Percheron’s are either black, white or gray in color and most are between 16-2 and 17-3 hands high with a few as tall as 18 hands. They can weigh up to 2600 pounds with the average around 1900 pounds.

The Percheron is very versatile. They are readily adapted to varying climates and condition. They have the strength to pull heavy loads and the graceful style to pull a fine carriage. Percherons can be ridden and some have been known to make fine jumpers.

Irish Rose Carriages is proud to have two Percherons, a white Percheron mare, MoonLight and a black Percheron gelding, Michael.

Suffolks

SuffolkBred and developed by farmers in eastern England, Suffolk horses
were well-suited to work in the heavy clay soil of the regions.

Suffolks are chestnut horses with few white markings and uniform in size. The 15.2 -to 17-hand horses are built with well-muscled legs durable hoofs, strong and short backs, level croups, deep heart-girths and sloping shoulders and hips. As with other draft breeds, Sullolks’ ideal confirmation allows the horses to work while remaining sound and healthy.

FROM THE BEGINNING: Farmers in eastern England developed horses well suited to work the region’s heavy clay soil during the 1700s. With little influence from outside breeds, Suffolk’s farmers selected breeding horses from a small area. The farmers weren’t horse-traders, but used their Suffolk horses to farm and seldom sold their horses’ young because they were needed to work the land.

Today’s Suffolks have changed little. The horses’ relative isolation in eastern England provided breed uniformity. All Suffolks trace their linage to Crisp’s Horse of Ufford, a foundation stallion foaled in 1768. The small-but-strong horse set the standard for Suffolks in England and the United States.

Once in America, Suffolks remained farm horses. The American Suffolk Horse Association was formed in 1907 to preserve the breed and publish the first American studbook. The first year, 285 horses were registered.

Breed preservation was essential throughout the 1950s and 1960s when Suffolk numbers dwindled. The association closed down for nearly 15 years – finally reorganizing in 1961. By 1970, breed enthusiasts imported fresh Suffolk blood from England.

USEFUL POWER: Suffolks provide power on farms and in logging operations. They plow, harrow, plant, cultivate, spread manre and rake, bale and pick up loose hay. Farmers use the horses to deliver round bales to fields of livestock. The horses also pull sleighs and wagons.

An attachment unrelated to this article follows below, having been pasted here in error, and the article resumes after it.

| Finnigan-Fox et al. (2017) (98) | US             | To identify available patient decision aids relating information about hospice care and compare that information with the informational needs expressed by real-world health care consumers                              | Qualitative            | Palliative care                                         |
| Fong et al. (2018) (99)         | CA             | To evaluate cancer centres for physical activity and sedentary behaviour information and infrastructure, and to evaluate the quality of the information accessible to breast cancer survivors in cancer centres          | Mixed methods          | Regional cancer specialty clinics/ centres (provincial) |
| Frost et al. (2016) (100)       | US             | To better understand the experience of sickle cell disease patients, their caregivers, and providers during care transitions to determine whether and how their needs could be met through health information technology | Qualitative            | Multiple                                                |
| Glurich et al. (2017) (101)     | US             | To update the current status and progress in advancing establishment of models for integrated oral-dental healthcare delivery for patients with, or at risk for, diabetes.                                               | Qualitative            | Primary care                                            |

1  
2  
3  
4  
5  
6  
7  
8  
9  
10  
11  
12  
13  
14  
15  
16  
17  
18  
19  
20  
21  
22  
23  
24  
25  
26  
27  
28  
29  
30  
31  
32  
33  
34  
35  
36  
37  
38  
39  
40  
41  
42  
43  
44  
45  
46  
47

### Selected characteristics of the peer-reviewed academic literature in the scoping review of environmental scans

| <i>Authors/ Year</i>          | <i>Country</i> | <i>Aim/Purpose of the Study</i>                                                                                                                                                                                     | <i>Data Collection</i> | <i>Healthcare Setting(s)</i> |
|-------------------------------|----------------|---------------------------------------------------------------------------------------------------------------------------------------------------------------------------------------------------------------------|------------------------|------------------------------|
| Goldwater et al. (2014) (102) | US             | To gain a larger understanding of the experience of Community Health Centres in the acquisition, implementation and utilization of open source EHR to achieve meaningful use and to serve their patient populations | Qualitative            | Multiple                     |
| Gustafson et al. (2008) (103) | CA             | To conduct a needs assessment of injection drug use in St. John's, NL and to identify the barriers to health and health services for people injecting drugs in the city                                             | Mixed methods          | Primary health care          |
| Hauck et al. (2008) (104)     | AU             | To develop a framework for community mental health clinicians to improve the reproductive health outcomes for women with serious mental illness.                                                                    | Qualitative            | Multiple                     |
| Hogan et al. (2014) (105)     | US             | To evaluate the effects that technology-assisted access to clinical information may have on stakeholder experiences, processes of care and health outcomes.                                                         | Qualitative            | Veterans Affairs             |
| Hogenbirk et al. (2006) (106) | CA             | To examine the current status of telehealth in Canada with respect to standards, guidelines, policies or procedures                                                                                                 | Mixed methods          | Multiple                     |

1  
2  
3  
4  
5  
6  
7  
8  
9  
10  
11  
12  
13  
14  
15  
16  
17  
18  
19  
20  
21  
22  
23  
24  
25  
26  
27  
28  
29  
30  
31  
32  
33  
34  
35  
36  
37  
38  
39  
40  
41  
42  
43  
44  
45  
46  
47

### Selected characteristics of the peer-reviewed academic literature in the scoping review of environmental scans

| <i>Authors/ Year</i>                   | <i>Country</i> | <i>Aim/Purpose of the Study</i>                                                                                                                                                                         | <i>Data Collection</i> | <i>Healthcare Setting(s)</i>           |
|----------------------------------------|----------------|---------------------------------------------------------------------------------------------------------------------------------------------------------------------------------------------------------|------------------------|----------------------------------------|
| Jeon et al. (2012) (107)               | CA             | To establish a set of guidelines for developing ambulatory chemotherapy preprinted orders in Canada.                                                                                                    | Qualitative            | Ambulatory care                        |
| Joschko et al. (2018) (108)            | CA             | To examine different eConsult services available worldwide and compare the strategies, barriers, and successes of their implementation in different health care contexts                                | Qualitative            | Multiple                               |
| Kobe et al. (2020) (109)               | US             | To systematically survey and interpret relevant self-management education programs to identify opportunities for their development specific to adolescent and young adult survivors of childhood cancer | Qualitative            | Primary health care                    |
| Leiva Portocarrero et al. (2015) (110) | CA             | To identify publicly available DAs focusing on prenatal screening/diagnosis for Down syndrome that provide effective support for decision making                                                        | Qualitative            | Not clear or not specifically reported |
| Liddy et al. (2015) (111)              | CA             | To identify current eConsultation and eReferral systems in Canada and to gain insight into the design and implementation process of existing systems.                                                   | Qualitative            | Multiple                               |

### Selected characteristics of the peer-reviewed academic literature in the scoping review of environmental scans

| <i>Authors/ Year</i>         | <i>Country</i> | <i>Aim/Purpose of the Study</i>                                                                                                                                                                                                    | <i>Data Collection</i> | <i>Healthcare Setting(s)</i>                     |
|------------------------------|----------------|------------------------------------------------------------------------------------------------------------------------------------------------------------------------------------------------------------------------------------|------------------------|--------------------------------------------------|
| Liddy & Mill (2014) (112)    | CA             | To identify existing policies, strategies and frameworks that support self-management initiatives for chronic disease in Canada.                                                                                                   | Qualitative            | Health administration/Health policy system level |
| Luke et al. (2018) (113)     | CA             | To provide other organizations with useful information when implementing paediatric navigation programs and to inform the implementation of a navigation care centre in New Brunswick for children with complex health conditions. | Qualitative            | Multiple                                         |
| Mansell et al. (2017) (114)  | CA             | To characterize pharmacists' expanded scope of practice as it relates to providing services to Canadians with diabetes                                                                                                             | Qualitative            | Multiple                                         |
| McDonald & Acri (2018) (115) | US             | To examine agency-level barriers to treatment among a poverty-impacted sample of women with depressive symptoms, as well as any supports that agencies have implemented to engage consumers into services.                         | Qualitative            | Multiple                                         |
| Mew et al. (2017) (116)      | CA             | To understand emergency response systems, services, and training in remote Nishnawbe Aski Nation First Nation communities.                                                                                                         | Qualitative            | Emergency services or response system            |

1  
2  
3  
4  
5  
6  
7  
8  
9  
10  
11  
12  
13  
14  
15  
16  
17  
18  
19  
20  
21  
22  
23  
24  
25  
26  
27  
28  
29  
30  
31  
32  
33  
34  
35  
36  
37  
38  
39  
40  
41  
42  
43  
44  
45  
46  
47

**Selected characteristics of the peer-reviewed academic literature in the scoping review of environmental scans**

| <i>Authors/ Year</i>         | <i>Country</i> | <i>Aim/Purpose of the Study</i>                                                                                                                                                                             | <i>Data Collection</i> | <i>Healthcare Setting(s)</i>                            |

Suffolks can show in open draft competitions – entering hitch and pulling competitions.

NUMBERING THE HERD: The AHSA estimates 1,200 t 1,500 Suffolks are now in the United States. Nearly 250 members belong to the association.

MUST ATTEND: The ASha’s Annual Meeting provides an opportunity for owners and breeders to catch up and learn about the breed.

OWNER INSIGHTS: Julie Atkinson, Newburg, Missouri, raises and trains Suffolks to work in teams on her family’s Greenwood Farms.

“We liked that the Suffolks are a bit smaller than the other draft breeds, making it easier to harness and hitch them,” Atkinson says. “We also chose Suffolks because they’re an endangered breed. When we bought our first Suffolks in the 1980s, there were only 1,500 in the world.”

Atkinson says the Suffolk breed is the draft industry’s best-kept secret. She trains her own horses easily without artificial aids. “I halter-trained my mare, ‘Sophie’ when she was just a month old.”

Atkinson remembers “I taught her to move over, stand tied and lift her feet. Then at age 2, I started harness-training her. She’s a steady, confident horse who thinks for herself. Throughout her training, she never spooked or tried to run even when a dead tree fell in the woods just a few feet from us. That’s the beauty of the Suffolks they’re willing to please, but smart enough to think for themselves. It’s a wonderful fascinating relationship.”

Jay Bailey serves on the ASHA board of directors; his daughter, Bekah Murchison is the association’s Webmaster. The father-daughter team raises Suffolks on the family’s 42-acre, 24 year-old Brattleboro, Vermont, farm.

“We run a diversified, horse-powered family farm,” Murchison says. “When I say horse-powered, I mean we don’t have a tractor. We certainly use our horses for everyday applications. We wouldn’t have a farm without them.”